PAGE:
that in traditional communities, individuals lack most of the rights that are
valued in liberal democracies. However, many of the interests that are
protected by the institutionalization of individual human rights may be
socially protected in such communities. It is even possible that the
introduction of individual human rights into traditional communities would

46. supra note 36, at 1, 21-23.

1994 The PhilosophicalFoundationsof HumanRights 511

reduce their members' chances of achieving lives of dignity. Donnelly is

willing to consider that the traditional society, which offers community and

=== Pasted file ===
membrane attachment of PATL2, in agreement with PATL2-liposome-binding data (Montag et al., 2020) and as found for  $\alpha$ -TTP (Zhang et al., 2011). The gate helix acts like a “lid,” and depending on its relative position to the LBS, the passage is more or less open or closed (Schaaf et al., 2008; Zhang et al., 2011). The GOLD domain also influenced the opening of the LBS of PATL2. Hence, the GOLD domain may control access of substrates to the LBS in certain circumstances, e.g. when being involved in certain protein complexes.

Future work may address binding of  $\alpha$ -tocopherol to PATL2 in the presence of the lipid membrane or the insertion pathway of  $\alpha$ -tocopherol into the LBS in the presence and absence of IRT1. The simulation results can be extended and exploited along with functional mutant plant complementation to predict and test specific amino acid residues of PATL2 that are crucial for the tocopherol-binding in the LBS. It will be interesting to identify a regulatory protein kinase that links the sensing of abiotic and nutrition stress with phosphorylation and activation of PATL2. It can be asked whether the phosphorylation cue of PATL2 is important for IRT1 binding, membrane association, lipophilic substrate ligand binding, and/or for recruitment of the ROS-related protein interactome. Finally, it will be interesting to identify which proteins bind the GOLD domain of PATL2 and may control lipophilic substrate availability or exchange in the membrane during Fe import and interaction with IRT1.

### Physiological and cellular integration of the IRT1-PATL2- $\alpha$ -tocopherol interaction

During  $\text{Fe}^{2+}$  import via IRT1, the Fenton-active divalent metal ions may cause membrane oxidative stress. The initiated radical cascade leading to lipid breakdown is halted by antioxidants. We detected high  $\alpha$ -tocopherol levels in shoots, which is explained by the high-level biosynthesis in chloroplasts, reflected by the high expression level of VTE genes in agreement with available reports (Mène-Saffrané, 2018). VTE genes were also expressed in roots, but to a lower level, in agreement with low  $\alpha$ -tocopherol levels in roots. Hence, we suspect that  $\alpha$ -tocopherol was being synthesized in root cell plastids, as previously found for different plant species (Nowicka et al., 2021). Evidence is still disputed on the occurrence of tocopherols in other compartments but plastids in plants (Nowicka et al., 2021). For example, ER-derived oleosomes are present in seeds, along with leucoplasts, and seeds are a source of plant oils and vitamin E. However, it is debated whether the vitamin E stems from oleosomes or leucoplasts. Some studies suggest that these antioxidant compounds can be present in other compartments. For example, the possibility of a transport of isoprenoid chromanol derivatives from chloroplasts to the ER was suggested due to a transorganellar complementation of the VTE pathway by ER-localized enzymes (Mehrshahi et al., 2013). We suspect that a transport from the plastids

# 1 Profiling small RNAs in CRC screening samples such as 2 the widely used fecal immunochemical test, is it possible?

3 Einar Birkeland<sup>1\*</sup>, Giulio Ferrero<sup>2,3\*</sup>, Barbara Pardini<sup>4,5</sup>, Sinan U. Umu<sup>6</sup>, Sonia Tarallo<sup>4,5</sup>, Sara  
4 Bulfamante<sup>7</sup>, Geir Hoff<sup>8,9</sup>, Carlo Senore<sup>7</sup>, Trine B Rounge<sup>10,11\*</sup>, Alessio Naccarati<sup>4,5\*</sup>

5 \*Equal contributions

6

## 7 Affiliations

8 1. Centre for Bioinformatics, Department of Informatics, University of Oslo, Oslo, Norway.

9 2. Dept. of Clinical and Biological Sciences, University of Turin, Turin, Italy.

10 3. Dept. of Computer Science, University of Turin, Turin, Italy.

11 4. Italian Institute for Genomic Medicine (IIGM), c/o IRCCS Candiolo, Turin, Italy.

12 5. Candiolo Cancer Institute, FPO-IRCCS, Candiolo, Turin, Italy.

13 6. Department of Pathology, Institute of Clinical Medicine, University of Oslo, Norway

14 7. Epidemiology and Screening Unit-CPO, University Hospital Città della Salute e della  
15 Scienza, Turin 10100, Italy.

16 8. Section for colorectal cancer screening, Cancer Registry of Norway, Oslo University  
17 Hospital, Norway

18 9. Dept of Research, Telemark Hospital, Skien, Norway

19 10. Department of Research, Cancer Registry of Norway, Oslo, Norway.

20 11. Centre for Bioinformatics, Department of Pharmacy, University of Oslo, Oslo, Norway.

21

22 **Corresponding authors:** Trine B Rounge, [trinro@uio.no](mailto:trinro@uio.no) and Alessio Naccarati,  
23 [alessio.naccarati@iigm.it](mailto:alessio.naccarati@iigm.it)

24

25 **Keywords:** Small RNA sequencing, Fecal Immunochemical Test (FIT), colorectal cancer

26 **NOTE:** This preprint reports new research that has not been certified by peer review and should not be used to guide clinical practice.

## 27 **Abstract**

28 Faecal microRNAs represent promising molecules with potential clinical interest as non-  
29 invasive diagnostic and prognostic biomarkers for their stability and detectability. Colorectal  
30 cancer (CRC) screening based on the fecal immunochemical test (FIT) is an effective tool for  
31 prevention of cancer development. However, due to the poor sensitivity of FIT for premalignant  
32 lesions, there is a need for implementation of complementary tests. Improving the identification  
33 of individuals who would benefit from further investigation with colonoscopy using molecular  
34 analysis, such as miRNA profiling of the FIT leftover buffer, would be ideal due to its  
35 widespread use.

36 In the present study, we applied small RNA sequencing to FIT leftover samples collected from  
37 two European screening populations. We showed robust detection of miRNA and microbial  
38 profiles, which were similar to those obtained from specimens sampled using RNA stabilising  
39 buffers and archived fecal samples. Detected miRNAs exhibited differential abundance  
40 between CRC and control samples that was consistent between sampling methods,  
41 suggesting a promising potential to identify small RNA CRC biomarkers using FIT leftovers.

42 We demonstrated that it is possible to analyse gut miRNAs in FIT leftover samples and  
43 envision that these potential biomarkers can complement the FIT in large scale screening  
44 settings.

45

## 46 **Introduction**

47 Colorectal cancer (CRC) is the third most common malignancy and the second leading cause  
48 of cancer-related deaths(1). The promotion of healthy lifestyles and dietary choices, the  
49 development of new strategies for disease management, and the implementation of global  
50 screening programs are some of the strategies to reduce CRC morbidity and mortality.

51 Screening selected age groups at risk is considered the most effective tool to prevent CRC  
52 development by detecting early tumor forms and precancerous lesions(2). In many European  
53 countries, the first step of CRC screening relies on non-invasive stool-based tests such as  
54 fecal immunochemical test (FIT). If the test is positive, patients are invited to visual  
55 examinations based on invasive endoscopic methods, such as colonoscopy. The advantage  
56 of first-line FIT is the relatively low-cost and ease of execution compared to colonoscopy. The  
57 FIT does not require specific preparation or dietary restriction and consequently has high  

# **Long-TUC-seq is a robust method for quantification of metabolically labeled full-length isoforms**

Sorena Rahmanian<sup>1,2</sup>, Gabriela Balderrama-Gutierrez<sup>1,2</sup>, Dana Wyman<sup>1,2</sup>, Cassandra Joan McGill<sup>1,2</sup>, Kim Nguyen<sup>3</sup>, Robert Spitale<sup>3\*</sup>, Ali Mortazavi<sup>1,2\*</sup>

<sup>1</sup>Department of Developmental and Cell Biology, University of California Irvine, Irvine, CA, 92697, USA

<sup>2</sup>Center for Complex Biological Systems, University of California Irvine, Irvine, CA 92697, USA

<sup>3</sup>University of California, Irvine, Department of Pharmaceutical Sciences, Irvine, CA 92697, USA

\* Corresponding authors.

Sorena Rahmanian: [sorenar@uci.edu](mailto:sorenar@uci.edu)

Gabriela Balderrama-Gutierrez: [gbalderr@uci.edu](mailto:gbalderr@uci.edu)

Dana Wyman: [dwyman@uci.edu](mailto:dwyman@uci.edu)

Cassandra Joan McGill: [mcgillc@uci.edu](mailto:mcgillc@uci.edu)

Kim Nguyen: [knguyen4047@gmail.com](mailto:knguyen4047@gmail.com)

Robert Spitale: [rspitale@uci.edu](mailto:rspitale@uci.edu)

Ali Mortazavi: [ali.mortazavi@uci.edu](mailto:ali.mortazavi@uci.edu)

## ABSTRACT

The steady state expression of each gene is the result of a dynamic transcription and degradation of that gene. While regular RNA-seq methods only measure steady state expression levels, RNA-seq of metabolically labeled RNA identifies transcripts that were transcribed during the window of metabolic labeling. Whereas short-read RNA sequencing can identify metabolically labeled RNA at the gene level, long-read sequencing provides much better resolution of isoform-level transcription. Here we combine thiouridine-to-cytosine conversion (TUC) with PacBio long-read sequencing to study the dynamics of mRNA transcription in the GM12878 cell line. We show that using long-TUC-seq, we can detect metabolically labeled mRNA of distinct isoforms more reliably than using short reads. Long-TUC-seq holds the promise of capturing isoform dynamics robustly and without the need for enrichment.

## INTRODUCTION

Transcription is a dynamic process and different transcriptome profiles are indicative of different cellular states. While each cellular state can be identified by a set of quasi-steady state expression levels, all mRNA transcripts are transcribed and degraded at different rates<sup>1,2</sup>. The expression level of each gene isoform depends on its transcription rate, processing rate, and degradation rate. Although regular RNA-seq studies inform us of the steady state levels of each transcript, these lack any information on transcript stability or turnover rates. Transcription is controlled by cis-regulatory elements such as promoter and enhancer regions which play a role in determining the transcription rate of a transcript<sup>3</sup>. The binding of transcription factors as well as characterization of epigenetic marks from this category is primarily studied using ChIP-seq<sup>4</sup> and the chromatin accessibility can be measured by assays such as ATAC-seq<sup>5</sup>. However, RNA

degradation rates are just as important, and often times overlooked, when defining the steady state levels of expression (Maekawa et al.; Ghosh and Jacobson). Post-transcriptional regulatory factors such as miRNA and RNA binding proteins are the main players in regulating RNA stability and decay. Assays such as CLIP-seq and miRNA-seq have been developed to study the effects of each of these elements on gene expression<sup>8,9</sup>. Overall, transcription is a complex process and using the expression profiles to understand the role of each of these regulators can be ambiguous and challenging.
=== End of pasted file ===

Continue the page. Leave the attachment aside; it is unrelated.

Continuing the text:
security in place of the autonomy and freedom provided by liberal societies,
has a superior conception of human dignity. He emphasizes lists of human
rights, and especially the rights contained in the InternationalBill of Human
Rights. These lists presuppose a certain social form, which is not universal.
For example, the right to join a trade union is not necessary in a society in
which trade unions are not required to protect important interests. In
addition, the individual right to own property may threaten the dignity and
well-being of many members of societies traditionally based on collective
property rights. Donnelly's case for contingent universal human rights is
based on the sociological claim that the social form, presupposed by
international human rights norms, is now virtually universal.47 Gewirth's
case for necessary universal human rights is weakened by the possibility of
a plurality of trade-offs between freedom and well-being, none of which is